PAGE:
Fort Victoria is a 'one-stop' replenishment ship, capable of providing under way refuelling and dry cargoes (I.e rearming, victualling and spares). The older Fort Rosalie-class ships provide only dry cargoes. The Wave-class, Fort Victoria and the Fort Rosalie-class have generous aviation facilities, providing aviation support and training facilities and significant vertical replenishment capabilities. They are capable of operating and supporting several Merlin and Lynx Wildcat helicopters, both of which are significant weapons platforms. The presence of aviation facilities on RFA ships allows for them to be used as 'force multipliers' for the task groups they support in line with Royal Navy doctrine.

The RFA is tasked with the role of supporting Royal Navy amphibious operations through its three Bay-class dock landing ships (LSD). Typically one Bay-class is also assigned as a permanent 'mothership' for Royal Navy mine countermeasures vessels in the Persian Gulf.

The unique support ship in the fleet is the aviation training ship Argus, a converted roll-on/roll-off (RoRo) container ship. She is tasked with peacetime aviation training and support. On active operations, she becomes the Primary Casualty Receiving Ship (PCRS); essentially a hospital ship. She cannot be described as such – and is not afforded such protection under the Geneva Convention – as she is armed. She can, however, venture into waters too dangerous for a normal hospital ship. Argus completed a refit in May 2007 intended to extend her operational life to 2020.[10]

The Point-class sealift ships were acquired in 2002 under a £1.25bn private finance initiative with Foreland Shipping known as the 'Strategic Sealift Service'. These ships are Merchant Navy vessels leased to the Ministry of Defence as and when needed. Originally six ships were part of the deal, allowing the MoD use of four of the ships with two being made available for commercial charter, these latter two were released from the contract in 2012.[11] The Ministry of Defence also maintains a single commercial tanker under permanent charter, the Maersk Rapier.[12] The ship is tasked with supplying fuel to the United Kingdoms various naval establishments at home and overseas, as well as providing aviation fuel to RAF stations at Cyprus, Ascension and the Falklands.[12] The MoD charters the vessel to commercial companies during periods where she is not in use for defence purposes.[12][13]

As of 2018, there are 12 ships in service (and 1 on trials) with the Royal Fleet Auxiliary with a total displacement of approximately 300,000 tonnes. These figures exclude the five merchant navy vessels under charter to the Ministry of Defence.

ReplenishmentEdit

Class Ship Pennant No. Entered service Displacement Type Note
Tide-class RFA Tidespring A136 2017 39,000 tonnes Replenishment tanker [14]
RFA Tiderace A137 2018 [15]
RFA Tidesurge A138 2019 [16]
Wave-class RFA Wave Knight A389 2003 31,500 tonnes Fast fleet tanker [17]
RFA Wave Ruler A390 2003 [18]
Fort Victoria-class RFA Fort Victoria A387 1994 33,675 tonnes Multi-role replenishment ship [19]
Fort Rosalie-class RFA Fort Rosalie A385 1978 23,384 tonnes Solid replenishment ship [20]
RFA Fort Austin A386 1979 [21]

Dock landing shipsEdit

Class Ship Pennant No. Entered service Displacement Type Note
Bay-class RFA Lyme Bay L3007 2007 16,160 tonnes Dock landing ship auxiliary [22]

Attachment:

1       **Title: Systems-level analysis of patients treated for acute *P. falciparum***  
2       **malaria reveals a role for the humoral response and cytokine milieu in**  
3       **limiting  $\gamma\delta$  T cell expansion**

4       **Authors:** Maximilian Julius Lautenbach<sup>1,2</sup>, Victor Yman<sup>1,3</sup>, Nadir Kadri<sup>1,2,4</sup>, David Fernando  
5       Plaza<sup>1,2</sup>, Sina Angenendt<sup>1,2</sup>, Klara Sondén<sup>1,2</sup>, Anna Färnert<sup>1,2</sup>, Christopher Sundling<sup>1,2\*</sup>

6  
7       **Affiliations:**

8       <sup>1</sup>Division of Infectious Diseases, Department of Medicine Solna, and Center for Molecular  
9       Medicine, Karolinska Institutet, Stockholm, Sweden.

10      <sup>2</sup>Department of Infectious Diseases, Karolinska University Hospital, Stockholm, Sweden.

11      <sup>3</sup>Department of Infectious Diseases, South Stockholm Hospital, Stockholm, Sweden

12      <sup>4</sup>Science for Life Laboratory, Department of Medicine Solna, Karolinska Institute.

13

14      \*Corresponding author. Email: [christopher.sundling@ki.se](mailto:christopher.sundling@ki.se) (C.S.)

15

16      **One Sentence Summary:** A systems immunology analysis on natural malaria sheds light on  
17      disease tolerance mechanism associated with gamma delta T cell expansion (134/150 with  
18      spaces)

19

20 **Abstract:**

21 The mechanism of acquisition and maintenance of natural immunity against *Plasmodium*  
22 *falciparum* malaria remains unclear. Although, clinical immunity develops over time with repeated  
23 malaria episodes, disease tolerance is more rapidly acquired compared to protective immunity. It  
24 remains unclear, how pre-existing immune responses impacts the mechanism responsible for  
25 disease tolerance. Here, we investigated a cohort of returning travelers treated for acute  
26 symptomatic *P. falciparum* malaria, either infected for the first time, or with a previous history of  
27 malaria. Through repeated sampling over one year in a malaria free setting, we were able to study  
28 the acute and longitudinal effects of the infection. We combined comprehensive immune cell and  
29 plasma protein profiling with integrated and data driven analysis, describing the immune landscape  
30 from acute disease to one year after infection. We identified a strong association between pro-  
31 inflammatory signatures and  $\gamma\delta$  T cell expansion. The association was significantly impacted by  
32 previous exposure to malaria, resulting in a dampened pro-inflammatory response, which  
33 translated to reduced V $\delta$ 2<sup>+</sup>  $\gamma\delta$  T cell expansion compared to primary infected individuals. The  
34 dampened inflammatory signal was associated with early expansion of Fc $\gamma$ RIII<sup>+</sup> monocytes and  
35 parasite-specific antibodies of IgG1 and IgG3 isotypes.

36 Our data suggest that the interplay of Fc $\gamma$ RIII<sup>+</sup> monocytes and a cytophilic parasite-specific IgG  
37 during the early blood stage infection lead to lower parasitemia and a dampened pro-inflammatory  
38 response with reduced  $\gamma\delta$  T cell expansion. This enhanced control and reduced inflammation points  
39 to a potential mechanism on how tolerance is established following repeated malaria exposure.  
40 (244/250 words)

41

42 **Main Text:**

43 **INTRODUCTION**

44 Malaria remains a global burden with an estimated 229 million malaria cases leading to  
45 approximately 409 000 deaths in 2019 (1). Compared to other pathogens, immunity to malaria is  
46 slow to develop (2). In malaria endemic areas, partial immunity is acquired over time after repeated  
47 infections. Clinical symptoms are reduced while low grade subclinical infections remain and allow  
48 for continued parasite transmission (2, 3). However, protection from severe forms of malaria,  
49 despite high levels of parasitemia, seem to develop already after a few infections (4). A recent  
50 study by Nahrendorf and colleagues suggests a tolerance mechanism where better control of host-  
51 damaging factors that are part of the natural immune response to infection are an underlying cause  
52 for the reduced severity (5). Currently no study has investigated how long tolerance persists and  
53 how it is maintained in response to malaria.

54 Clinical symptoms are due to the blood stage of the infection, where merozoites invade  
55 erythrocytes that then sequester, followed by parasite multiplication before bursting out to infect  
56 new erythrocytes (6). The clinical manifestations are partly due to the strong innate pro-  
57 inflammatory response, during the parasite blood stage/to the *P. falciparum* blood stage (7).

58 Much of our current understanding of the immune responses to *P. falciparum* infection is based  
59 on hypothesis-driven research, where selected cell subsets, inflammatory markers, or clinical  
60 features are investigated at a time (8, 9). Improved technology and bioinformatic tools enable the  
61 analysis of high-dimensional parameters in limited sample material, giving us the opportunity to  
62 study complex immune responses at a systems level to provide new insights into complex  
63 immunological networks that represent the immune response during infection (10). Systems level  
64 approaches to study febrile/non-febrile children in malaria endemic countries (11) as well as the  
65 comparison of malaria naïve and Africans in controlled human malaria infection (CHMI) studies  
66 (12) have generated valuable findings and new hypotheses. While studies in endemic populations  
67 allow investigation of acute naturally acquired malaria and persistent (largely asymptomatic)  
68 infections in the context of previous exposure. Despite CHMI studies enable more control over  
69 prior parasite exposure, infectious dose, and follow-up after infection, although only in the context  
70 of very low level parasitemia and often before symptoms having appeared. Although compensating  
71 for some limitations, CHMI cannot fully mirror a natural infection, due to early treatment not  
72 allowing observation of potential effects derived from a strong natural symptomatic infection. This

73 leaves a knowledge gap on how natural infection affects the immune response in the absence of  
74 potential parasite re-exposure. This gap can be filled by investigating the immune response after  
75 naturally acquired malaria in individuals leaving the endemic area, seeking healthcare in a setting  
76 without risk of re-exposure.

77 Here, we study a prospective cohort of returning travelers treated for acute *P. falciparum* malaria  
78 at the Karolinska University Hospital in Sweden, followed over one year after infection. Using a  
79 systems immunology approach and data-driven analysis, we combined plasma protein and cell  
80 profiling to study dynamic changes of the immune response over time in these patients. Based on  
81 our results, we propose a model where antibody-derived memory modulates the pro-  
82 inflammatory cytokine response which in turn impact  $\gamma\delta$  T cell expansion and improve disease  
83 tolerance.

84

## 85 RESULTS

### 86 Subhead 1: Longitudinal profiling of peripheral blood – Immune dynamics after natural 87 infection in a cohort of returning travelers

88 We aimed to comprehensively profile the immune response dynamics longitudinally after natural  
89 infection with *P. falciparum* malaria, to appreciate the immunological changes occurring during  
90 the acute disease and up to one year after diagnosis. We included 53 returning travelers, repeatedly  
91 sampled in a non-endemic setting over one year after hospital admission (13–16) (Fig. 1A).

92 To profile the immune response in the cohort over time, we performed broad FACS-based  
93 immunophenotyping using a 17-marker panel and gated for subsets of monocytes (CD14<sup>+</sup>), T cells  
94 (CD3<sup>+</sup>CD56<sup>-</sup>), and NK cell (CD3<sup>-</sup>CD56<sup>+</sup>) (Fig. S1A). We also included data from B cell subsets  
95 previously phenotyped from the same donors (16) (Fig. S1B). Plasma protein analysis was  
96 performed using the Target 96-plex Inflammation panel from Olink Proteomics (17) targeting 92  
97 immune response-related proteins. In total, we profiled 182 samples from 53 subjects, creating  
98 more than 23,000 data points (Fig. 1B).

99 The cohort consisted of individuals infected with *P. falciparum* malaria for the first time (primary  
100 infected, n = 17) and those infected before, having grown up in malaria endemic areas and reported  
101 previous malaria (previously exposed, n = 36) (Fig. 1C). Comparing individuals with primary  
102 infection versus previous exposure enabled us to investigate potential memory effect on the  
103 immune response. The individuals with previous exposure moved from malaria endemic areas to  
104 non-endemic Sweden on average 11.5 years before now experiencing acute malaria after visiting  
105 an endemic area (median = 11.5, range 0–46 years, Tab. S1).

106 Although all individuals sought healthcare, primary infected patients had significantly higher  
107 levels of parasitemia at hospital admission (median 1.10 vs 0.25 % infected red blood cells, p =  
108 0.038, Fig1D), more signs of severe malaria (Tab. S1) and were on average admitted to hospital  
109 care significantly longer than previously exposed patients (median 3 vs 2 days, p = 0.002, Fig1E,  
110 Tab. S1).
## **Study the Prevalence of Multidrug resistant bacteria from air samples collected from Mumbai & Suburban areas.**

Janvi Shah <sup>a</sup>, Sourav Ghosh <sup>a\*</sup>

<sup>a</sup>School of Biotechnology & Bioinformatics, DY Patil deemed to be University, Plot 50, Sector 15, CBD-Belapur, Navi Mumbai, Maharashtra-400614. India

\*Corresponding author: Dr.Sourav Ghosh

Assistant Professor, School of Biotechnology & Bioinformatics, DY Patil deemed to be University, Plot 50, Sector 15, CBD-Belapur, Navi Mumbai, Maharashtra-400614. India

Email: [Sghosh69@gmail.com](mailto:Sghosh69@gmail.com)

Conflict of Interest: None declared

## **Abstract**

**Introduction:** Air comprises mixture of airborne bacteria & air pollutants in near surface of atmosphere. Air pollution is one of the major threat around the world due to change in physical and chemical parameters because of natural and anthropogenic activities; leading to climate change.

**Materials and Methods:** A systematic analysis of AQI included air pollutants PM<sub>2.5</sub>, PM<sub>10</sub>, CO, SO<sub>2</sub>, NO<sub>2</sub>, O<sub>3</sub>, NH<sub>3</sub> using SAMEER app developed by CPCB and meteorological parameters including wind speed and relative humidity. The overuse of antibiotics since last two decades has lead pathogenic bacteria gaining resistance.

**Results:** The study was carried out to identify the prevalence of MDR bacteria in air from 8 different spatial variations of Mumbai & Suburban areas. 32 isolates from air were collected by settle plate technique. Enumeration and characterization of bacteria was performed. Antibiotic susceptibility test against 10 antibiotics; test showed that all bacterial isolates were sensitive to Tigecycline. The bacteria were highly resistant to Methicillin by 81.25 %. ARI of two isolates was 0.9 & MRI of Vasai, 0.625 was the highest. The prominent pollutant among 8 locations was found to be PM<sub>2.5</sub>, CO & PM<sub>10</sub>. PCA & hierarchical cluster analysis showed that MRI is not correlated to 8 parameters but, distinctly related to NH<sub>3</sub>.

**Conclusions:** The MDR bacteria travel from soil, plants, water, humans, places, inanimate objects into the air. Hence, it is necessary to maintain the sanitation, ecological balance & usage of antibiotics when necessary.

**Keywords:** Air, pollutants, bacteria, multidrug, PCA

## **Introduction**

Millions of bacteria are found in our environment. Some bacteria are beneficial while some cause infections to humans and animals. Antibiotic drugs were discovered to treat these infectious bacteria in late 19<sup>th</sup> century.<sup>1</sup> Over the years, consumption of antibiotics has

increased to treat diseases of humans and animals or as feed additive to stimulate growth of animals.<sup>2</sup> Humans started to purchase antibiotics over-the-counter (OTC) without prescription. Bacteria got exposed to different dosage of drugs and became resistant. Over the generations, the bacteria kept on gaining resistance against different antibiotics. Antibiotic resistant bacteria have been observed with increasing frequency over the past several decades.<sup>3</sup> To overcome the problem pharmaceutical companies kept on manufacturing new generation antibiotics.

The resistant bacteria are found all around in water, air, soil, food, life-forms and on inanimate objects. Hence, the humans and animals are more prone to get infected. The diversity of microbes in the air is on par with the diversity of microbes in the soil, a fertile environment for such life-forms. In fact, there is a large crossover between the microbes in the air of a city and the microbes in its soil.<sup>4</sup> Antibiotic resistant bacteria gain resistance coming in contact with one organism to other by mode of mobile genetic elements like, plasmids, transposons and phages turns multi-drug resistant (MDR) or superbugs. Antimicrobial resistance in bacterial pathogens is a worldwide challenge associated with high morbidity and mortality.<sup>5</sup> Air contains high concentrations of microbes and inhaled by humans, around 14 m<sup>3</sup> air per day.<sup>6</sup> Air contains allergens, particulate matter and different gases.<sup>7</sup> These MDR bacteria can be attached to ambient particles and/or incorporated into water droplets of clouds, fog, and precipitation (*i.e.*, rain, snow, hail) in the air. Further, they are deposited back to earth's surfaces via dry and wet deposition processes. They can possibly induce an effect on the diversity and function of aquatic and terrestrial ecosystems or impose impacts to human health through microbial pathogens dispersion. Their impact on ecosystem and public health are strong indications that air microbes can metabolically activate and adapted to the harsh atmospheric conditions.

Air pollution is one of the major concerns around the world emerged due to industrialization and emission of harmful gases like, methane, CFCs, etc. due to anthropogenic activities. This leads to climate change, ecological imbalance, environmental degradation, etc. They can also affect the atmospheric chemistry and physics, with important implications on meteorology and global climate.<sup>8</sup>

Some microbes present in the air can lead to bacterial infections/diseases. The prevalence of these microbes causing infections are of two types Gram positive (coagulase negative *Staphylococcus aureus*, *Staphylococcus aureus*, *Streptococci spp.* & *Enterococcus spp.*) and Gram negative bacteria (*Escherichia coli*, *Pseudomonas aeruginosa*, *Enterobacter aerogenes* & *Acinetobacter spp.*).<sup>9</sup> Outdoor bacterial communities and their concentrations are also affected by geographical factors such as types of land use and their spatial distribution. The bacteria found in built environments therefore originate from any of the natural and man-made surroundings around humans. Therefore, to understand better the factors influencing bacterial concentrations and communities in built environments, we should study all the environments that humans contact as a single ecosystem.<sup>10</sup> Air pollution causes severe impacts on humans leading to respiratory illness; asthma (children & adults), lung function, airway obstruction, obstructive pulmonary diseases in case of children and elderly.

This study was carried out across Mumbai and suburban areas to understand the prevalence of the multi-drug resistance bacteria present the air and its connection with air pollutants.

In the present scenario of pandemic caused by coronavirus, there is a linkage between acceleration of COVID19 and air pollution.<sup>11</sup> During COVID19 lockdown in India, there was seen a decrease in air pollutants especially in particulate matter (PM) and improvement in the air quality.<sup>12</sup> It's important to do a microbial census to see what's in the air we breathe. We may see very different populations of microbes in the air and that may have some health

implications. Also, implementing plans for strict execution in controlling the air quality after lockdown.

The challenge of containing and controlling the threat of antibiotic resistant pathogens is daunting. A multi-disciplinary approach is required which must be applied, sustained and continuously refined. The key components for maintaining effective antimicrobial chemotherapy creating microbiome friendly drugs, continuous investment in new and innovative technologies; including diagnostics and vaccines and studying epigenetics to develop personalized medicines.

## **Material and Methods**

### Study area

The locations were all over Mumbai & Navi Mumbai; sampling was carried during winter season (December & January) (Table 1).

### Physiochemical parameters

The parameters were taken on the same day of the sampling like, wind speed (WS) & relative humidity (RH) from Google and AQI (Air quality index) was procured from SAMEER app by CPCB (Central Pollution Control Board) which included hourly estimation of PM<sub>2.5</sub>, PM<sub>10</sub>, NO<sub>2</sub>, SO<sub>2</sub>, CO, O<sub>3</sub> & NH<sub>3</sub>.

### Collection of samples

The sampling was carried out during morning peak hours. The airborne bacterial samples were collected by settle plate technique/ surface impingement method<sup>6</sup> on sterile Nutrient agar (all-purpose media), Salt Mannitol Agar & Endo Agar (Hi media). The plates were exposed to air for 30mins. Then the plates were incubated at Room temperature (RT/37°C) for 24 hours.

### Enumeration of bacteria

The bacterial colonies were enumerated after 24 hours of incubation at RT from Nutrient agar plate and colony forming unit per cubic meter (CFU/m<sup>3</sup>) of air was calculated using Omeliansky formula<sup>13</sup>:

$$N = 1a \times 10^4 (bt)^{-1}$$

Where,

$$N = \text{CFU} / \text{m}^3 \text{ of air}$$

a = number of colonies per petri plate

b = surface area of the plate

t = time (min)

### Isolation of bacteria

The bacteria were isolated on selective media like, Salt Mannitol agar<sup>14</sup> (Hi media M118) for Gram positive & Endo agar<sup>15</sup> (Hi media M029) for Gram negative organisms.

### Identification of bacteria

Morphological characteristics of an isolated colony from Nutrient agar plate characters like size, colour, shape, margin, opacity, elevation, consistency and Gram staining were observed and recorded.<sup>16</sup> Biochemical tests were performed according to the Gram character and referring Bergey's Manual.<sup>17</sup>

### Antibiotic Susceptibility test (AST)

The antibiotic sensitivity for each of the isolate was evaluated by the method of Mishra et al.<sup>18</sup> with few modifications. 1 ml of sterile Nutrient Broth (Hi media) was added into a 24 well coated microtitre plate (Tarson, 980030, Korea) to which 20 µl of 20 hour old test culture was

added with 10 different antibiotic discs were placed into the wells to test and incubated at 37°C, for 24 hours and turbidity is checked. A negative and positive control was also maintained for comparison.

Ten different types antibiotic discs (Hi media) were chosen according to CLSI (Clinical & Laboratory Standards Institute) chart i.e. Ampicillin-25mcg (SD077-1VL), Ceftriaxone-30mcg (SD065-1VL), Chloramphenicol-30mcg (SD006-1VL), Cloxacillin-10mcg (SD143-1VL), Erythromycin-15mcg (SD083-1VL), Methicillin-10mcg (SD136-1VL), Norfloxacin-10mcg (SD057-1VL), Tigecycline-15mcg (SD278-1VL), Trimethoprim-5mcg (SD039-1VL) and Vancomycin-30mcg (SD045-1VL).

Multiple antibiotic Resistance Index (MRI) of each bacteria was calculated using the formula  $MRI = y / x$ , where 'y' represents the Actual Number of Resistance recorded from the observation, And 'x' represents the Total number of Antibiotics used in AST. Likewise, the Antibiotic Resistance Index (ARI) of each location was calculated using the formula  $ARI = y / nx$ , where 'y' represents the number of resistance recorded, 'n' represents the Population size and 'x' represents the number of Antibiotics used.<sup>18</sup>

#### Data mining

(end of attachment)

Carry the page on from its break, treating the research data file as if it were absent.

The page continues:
RFA Mounts Bay L3008 2006 [23]
RFA Cardigan Bay L3009 2006 [24]

MiscellaneousEdit

Class Ship Pennant No. Entered service Displacement Type Note
RFA Argus A135 1988 28,081 tonnes Aviation training & primary casualty receiving ship [25]

Ministry of DefenceEdit

Class Ship Owner Entered service Displacement Type Note
Point-class MV Hurst Point Foreland Shipping 2002 23,000 tonnes Ro-Ro Sealift [26]
MV Eddystone 2002 [26]
MV Hartland Point 2002 [26]
MV Anvil Point 2003 [26]
MV Maersk Rapier A.P. Moller–Maersk Group 2003 37,000 DWT Tanker [27]

Rank insigniaEdit

OfficersEdit

Rank insignia of RFA officers are the same as for the Royal Navy; however, the RFA makes use of the diamond used by merchant shipping rather than the loop used by the RN. The rank of commodore is the most senior in the RFA.

RFA Officer Ranks and Insignia
Rank Commodore Captain Chief Officer First Officer Second Officer Third Officer Cadet
Insignia
Abbreviation Cdre Capt C/O 1/O 2/O 3/O Cdt
Analogous RN Rank* Commodore Captain Commander Lieutenant

Commander

Lieutenant Sub Lieutenant Midshipman

Department Colours

The RFA uses distinctive cloth to distinguish the branch of its officers. The Royal Navy ceased this practice for most officers in 1955, with the exception of medical and dental officers who are denoted by red and pink cloth respectively.

Deck (X) Logistics and Supply (LS) Marine Engineering (ME) Systems Engineering (SE) Communications
unadorned        

Marine Engineers may also have maroon coloured cloth in place of purple.

RatesEdit


UniformsEdit

Ofiicers and Ratings of the RFA wear similar uniforms to the Royal Navy with RFA distiguishing marks.

No. 1 DressEdit

This is the formal uniform worn on ceremonial occasions. For all commissioned officers it consists of a double-breasted, navy blue reefer jacket with four rows of two RFA buttons; matching trousers; white shirt and black tie; peaked cap; and black leather shoes. Rank insignia is denoted on the lower sleeve.

For ratings this uniform is a single breased tunic fastened with four RFA buttons, with flapped chest pockets and hip pockets; white shirt and black tie, peaked cap for Petty Officers and above and a light blue beret for other ratings; and black leather shoes. Rank insignia is denoted on the lower sleeve.

No. 2 DressEdit